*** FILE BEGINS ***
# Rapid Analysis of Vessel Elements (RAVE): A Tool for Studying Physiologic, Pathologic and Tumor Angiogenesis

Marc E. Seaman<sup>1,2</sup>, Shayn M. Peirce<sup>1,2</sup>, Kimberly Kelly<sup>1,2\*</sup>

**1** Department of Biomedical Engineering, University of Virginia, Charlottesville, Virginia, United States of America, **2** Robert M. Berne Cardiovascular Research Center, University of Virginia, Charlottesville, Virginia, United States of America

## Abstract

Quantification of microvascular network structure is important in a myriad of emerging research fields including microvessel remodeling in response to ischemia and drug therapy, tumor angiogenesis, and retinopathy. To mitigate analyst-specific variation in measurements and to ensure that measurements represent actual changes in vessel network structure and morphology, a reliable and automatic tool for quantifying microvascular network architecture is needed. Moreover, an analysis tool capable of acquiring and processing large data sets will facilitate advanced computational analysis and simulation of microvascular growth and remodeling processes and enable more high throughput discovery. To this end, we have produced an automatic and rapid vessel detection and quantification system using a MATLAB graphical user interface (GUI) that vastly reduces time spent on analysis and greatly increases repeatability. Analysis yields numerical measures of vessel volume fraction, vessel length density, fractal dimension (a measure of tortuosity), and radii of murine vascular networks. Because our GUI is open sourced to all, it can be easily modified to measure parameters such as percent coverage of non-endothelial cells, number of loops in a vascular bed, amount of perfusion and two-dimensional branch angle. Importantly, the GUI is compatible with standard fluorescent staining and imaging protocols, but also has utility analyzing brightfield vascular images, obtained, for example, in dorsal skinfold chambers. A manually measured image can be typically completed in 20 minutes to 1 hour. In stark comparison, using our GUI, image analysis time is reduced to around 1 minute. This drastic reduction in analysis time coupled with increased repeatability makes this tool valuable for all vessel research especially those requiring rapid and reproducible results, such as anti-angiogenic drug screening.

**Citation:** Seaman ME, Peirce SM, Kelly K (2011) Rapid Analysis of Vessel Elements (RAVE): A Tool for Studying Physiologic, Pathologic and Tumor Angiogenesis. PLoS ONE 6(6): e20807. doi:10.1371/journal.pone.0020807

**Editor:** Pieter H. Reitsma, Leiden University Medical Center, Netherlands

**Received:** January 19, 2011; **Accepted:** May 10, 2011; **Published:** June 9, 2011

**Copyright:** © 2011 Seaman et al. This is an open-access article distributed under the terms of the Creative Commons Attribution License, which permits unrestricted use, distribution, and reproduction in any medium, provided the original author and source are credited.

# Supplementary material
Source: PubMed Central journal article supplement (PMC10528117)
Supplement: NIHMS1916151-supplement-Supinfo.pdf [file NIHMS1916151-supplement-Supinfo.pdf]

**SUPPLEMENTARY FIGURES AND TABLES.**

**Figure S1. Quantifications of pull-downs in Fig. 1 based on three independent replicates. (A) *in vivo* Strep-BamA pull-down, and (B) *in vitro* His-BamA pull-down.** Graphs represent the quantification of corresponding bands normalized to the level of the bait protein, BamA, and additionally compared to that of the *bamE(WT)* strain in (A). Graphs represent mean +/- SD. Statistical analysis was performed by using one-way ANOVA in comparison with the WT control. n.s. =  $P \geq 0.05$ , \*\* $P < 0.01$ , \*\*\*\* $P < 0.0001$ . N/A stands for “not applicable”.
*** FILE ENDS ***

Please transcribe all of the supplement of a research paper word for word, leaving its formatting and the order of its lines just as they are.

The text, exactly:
# Rapid Analysis of Vessel Elements (RAVE): A Tool for Studying Physiologic, Pathologic and Tumor Angiogenesis

Marc E. Seaman<sup>1,2</sup>, Shayn M. Peirce<sup>1,2</sup>, Kimberly Kelly<sup>1,2\*</sup>

**1** Department of Biomedical Engineering, University of Virginia, Charlottesville, Virginia, United States of America, **2** Robert M. Berne Cardiovascular Research Center, University of Virginia, Charlottesville, Virginia, United States of America

## Abstract

Quantification of microvascular network structure is important in a myriad of emerging research fields including microvessel remodeling in response to ischemia and drug therapy, tumor angiogenesis, and retinopathy. To mitigate analyst-specific variation in measurements and to ensure that measurements represent actual changes in vessel network structure and morphology, a reliable and automatic tool for quantifying microvascular network architecture is needed. Moreover, an analysis tool capable of acquiring and processing large data sets will facilitate advanced computational analysis and simulation of microvascular growth and remodeling processes and enable more high throughput discovery. To this end, we have produced an automatic and rapid vessel detection and quantification system using a MATLAB graphical user interface (GUI) that vastly reduces time spent on analysis and greatly increases repeatability. Analysis yields numerical measures of vessel volume fraction, vessel length density, fractal dimension (a measure of tortuosity), and radii of murine vascular networks. Because our GUI is open sourced to all, it can be easily modified to measure parameters such as percent coverage of non-endothelial cells, number of loops in a vascular bed, amount of perfusion and two-dimensional branch angle. Importantly, the GUI is compatible with standard fluorescent staining and imaging protocols, but also has utility analyzing brightfield vascular images, obtained, for example, in dorsal skinfold chambers. A manually measured image can be typically completed in 20 minutes to 1 hour. In stark comparison, using our GUI, image analysis time is reduced to around 1 minute. This drastic reduction in analysis time coupled with increased repeatability makes this tool valuable for all vessel research especially those requiring rapid and reproducible results, such as anti-angiogenic drug screening.

**Citation:** Seaman ME, Peirce SM, Kelly K (2011) Rapid Analysis of Vessel Elements (RAVE): A Tool for Studying Physiologic, Pathologic and Tumor Angiogenesis. PLoS ONE 6(6): e20807. doi:10.1371/journal.pone.0020807

**Editor:** Pieter H. Reitsma, Leiden University Medical Center, Netherlands

**Received:** January 19, 2011; **Accepted:** May 10, 2011; **Published:** June 9, 2011

**Copyright:** © 2011 Seaman et al. This is an open-access article distributed under the terms of the Creative Commons Attribution License, which permits unrestricted use, distribution, and reproduction in any medium, provided the original author and source are credited.

# Supplementary material
Source: PubMed Central journal article supplement (PMC10528117)
Supplement: NIHMS1916151-supplement-Supinfo.pdf [file NIHMS1916151-supplement-Supinfo.pdf]

**SUPPLEMENTARY FIGURES AND TABLES.**

**Figure S1. Quantifications of pull-downs in Fig. 1 based on three independent replicates. (A) *in vivo* Strep-BamA pull-down, and (B) *in vitro* His-BamA pull-down.** Graphs represent the quantification of corresponding bands normalized to the level of the bait protein, BamA, and additionally compared to that of the *bamE(WT)* strain in (A). Graphs represent mean +/- SD. Statistical analysis was performed by using one-way ANOVA in comparison with the WT control. n.s. =  $P \geq 0.05$ , \*\* $P < 0.01$ , \*\*\*\* $P < 0.0001$ . N/A stands for “not applicable”.